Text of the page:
Americans' love affair with coffee seems to deepen with each new year — and each new gourmet coffee emporium that pops up on Main Street USA. Over half of Americans enjoy coffee everyday; in 2008, the number of those who partook in gourmet coffee drinks daily increased by 17 percent. Yet despite the growing national addiction to java, many feel an uneasiness about indulging in this daily brew. Studies dating back to 1981 initially found links between coffee and pancreatic cancer as well as cardiovascular disease, and caffeinated beverages were once thought to cause dehydration and bone loss. But researchers have brewed up a fresh pot of evidence over the past decade that contradicts these early negative findings and, in fact, shows that coffee has a host of unforeseen health benefits. From lowering the risk of developing Parkinson's disease to preventing cavities, coffee's energizing aroma, its characteristic taste, and its jolt of rejuvenating caffeine all play a part in the benefits it confers.
Wake up and smell the coffee: your morning cup has been shown to improve alertness and boost concentration. A Japanese study that examined rats that had been deprived of sleep for a day showed deficits in genes important to brain function. When the rats were exposed merely to the aroma of coffee, nine genes were restored to near normal levels and two were pushed above normal, suggesting that just smelling coffee brewing may have positive effects in sleep-deprived humans. Consuming caffeinated coffee has also been shown to improve memory and the ability to perform complex tasks in individuals who lacked adequate sleep. Those who consumed just one cup reported an improved sense of energy, alertness, sociability, and sense of well-being.
Caffeine has long been demonized as a stimulant that can provoke restlessness, anxiety, elevated blood pressure, and insomnia, but in moderate amounts, it actually demonstrates protective health benefits. Those who regularly drink caffeinated coffee are 80 percent less likely to develop Parkinson's disease. Caffeine is thought to slow the degeneration of dopamine-producing cells implicated in Parkinson's, since caffeinated coffee also appears to cut the risk of Type 2 diabetes. A Harvard study found that men who drank six or more cups daily lowered their risk by 54 percent, while women who drank the same amount lowered theirs by 30 percent (the gender difference is attributed to the fact that caffeine and estrogen need the same enzymes to be metabolized). Decaffeinated coffee also reduced diabetes risk, but by half as much as the real deal. Caffeine accounts for coffee's benefits in controlling asthma and alleviating headaches as well. In prolonged or irregular exercise, caffeine improves performance and endurance while protecting against post-exercise muscle pain. Researchers at Rutgers University have found that caffeine can act as a "sunscreen" in mice; epidemiology studies suggest that caffeinated coffee drinkers have a lower risk of skin cancer.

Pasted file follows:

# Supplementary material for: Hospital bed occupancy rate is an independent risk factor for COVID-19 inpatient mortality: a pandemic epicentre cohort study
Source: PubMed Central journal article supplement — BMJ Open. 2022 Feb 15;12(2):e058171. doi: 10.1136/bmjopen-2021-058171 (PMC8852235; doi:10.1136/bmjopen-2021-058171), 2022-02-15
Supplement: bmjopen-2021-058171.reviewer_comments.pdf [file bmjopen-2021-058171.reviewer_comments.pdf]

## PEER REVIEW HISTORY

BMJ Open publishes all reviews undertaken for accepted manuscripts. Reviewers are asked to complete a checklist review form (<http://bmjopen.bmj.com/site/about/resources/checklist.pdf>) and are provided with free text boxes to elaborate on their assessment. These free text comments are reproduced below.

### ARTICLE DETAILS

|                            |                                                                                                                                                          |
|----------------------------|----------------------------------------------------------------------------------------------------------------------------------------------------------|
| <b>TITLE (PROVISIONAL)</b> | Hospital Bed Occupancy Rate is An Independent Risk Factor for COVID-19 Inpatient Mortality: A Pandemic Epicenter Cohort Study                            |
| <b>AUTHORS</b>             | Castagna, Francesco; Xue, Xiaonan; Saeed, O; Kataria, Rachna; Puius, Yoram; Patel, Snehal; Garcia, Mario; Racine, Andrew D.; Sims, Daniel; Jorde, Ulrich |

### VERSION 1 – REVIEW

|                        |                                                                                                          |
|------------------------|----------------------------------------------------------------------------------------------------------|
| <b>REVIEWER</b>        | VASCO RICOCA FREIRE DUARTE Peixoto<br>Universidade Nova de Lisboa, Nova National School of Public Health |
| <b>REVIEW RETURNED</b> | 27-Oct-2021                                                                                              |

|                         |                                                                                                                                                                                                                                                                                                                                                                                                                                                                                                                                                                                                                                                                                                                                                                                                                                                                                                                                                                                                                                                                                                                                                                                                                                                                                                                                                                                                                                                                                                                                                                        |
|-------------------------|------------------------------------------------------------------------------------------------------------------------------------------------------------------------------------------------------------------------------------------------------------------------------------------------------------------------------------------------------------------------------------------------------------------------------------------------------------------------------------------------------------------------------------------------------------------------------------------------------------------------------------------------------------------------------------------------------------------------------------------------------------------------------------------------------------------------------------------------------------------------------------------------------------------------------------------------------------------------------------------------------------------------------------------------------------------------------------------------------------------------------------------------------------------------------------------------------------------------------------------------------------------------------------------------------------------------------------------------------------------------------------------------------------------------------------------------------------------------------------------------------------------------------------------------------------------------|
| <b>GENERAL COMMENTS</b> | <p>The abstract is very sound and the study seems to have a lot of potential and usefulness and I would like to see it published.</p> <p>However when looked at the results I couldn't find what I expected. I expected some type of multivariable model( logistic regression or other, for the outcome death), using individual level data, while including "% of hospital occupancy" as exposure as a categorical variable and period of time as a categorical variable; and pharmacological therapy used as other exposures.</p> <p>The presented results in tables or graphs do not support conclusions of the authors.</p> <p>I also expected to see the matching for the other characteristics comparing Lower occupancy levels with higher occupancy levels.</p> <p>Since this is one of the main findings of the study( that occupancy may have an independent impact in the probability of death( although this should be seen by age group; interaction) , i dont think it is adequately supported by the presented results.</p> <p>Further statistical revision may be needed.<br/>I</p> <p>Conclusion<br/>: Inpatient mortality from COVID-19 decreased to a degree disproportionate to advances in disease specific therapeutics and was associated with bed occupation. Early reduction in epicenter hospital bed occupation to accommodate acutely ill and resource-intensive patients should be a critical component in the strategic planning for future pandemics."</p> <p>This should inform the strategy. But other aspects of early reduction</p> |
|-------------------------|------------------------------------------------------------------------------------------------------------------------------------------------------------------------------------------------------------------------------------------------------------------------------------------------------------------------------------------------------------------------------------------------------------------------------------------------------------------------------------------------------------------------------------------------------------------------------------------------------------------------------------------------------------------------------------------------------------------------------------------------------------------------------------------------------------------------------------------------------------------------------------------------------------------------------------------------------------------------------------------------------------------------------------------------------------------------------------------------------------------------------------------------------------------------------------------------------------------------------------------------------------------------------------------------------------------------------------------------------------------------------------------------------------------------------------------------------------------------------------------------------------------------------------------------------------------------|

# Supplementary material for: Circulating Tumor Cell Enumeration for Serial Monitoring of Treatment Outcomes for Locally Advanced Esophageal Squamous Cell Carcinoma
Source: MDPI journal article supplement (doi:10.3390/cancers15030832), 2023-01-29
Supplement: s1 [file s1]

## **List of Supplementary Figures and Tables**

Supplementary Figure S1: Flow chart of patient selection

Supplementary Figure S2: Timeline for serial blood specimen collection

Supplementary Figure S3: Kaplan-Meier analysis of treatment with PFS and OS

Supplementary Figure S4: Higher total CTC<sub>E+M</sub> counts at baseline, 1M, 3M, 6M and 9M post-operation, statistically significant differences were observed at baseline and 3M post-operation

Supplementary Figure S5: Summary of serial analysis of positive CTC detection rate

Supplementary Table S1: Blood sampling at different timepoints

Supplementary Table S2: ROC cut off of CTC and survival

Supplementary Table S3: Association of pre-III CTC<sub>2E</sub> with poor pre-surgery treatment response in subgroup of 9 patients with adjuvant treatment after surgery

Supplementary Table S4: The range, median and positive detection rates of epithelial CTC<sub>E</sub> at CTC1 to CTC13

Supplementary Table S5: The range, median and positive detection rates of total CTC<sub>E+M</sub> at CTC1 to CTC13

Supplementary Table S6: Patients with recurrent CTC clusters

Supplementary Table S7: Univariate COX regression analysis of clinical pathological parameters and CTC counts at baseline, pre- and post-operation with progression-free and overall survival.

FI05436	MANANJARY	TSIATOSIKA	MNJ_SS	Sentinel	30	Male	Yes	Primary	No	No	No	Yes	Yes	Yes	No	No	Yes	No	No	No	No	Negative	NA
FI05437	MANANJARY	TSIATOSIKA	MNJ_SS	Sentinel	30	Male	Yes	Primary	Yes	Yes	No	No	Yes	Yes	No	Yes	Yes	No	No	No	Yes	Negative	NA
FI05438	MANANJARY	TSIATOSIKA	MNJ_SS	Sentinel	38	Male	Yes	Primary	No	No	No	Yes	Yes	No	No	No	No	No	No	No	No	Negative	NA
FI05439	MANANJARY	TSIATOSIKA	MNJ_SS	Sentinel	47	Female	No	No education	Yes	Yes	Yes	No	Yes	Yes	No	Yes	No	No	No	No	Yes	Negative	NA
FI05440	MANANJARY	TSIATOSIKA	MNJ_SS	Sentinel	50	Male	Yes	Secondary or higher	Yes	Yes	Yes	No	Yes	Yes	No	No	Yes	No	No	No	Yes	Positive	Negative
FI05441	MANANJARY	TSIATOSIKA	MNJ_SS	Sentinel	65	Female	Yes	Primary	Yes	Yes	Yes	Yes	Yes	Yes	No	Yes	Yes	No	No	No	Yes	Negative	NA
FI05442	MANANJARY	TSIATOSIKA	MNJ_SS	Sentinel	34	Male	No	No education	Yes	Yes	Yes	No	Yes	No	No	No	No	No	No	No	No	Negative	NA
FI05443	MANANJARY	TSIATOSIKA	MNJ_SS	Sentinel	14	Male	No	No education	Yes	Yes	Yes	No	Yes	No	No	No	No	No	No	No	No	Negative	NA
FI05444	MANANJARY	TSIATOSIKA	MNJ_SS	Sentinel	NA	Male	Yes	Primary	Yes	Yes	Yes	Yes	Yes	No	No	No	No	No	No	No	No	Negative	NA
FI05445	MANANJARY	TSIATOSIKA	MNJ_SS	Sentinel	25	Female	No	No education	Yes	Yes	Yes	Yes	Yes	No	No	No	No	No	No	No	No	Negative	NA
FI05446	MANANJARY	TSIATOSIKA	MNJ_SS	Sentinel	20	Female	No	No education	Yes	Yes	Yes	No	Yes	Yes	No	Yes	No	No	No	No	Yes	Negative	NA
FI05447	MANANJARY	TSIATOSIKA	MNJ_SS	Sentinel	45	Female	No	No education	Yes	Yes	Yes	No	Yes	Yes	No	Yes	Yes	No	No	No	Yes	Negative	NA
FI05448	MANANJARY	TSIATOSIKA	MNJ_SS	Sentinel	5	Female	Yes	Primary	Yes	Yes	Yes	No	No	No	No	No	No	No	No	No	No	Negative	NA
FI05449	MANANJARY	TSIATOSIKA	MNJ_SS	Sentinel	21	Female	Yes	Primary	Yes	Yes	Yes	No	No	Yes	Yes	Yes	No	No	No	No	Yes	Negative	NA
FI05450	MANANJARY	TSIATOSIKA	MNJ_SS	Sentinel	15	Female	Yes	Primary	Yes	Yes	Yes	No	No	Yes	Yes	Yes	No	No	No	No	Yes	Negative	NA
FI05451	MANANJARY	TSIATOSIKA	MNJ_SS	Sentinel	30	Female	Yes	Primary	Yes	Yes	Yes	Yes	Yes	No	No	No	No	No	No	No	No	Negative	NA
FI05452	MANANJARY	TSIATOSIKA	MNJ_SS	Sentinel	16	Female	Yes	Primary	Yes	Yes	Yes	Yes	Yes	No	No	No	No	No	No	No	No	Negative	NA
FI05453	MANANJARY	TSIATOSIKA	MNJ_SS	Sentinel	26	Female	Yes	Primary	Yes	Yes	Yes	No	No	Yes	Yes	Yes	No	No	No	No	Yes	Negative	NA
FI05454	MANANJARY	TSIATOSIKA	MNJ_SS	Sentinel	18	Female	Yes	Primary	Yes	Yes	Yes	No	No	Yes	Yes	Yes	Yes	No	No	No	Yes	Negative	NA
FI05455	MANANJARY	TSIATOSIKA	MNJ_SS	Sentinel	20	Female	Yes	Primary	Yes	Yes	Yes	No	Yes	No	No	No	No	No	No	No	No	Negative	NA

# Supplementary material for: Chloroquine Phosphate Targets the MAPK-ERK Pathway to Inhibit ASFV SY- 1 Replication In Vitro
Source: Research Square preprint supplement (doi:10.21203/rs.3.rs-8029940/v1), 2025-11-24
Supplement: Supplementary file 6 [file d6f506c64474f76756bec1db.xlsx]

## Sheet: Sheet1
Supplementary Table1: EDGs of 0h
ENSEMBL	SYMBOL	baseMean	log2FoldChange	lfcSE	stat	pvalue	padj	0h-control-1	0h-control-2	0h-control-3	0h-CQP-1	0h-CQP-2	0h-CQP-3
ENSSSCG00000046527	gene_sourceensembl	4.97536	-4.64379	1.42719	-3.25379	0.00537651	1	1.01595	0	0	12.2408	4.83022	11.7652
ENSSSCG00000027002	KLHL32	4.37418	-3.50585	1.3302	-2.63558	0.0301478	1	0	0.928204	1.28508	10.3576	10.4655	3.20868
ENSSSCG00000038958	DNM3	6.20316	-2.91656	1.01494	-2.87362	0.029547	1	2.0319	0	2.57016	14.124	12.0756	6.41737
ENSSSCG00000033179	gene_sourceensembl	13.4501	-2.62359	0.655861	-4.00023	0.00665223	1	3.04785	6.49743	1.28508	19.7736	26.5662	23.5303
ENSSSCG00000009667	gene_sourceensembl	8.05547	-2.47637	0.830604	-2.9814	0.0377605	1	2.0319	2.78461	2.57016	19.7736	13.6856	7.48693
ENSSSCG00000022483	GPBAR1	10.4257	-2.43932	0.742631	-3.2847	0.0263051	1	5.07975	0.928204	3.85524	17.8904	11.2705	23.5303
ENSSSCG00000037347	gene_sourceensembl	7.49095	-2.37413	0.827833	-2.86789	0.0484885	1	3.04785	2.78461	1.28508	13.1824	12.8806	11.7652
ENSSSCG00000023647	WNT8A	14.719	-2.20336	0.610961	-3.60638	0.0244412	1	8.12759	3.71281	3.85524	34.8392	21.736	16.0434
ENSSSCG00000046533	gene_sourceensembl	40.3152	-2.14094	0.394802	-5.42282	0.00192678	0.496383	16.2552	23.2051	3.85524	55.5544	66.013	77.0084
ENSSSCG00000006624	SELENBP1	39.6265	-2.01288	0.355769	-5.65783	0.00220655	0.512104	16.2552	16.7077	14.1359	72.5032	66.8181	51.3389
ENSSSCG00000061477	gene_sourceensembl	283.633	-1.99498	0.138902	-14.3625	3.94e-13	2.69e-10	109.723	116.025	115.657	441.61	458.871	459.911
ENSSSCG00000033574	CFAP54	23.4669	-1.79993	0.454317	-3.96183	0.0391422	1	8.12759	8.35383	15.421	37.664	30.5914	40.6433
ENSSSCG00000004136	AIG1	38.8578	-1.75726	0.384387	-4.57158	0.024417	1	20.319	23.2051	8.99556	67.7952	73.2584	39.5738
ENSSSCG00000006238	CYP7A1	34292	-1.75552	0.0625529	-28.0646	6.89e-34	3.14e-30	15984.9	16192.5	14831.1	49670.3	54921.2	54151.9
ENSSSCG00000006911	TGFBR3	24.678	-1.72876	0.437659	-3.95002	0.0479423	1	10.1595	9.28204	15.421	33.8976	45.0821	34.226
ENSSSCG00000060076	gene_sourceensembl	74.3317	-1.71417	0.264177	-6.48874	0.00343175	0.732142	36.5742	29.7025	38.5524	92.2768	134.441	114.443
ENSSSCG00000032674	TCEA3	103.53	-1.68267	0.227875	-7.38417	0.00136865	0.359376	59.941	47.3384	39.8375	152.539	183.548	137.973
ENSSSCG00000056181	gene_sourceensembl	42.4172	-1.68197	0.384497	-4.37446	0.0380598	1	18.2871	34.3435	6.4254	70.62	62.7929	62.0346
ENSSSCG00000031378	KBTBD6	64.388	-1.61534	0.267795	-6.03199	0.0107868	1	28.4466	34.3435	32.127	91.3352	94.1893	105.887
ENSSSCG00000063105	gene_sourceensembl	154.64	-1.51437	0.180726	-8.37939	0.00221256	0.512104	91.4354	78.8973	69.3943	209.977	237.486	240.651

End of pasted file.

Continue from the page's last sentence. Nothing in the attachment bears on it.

- has been shown to improve memory and the ability to perform complex tasks in those who lack adequate sleep
- is thought to slow the degeneration of dopamine-producing cells implicated in Parkinson's by up to 80 percent
- appears to cut the risk of Type 2 diabetes
- helps control asthma and alleviate headaches through the presence of caffeine
- boosts blood enzymes that are widely believed to protect against colon cancer
- is linked with an 80 percent drop in the likelihood of developing liver cirrhosis
Yet caffeine isn't the only substance in coffee with health advantages. Coffee is in fact extremely rich in antioxidants, more so than even antioxidant powerhouses such as green tea and red wine. One such antioxidant formed in coffee's roasting process boosts blood enzymes widely believed to protect against colon cancer. Drinking two cups of coffee daily is, in turn, associated with a 25 percent reduced risk of colon cancer. Coffee's antioxidant compounds may also have heart protective effects; the Iowa Women's Health Study found that women who drank one to three cups of coffee daily cut their risk of cardiovascular disease by 24 percent. Antioxidants fight free radical damage, which may explain why people who smoke and are heavy drinkers are less likely to suffer from heart disease and liver damage when they regularly consume large amounts of coffee. Consuming two cups daily is linked with an 80 percent drop in the likelihood of developing liver cirrhosis. Coffee drinkers are 50 percent less likely to develop liver cancer than nondrinkers.
Of course, none of these benefits would be as appealing were it not for the pleasures of coffee's distinctive taste. Its rich, bitter flavor comes courtesy of a compound called trigonelline. Italian researchers have identified it as an antibacterial with anti-adhesive properties, which accounts for coffee's ability to help prevent cavities — that is, if you eschew gourmet coffee concoctions loaded with sweeteners. Brewed coffee has undoubtedly been burnished with new respect in the medical world, but, unfortunately, that doesn't mean a mocha frappucino has been elevated to health food.
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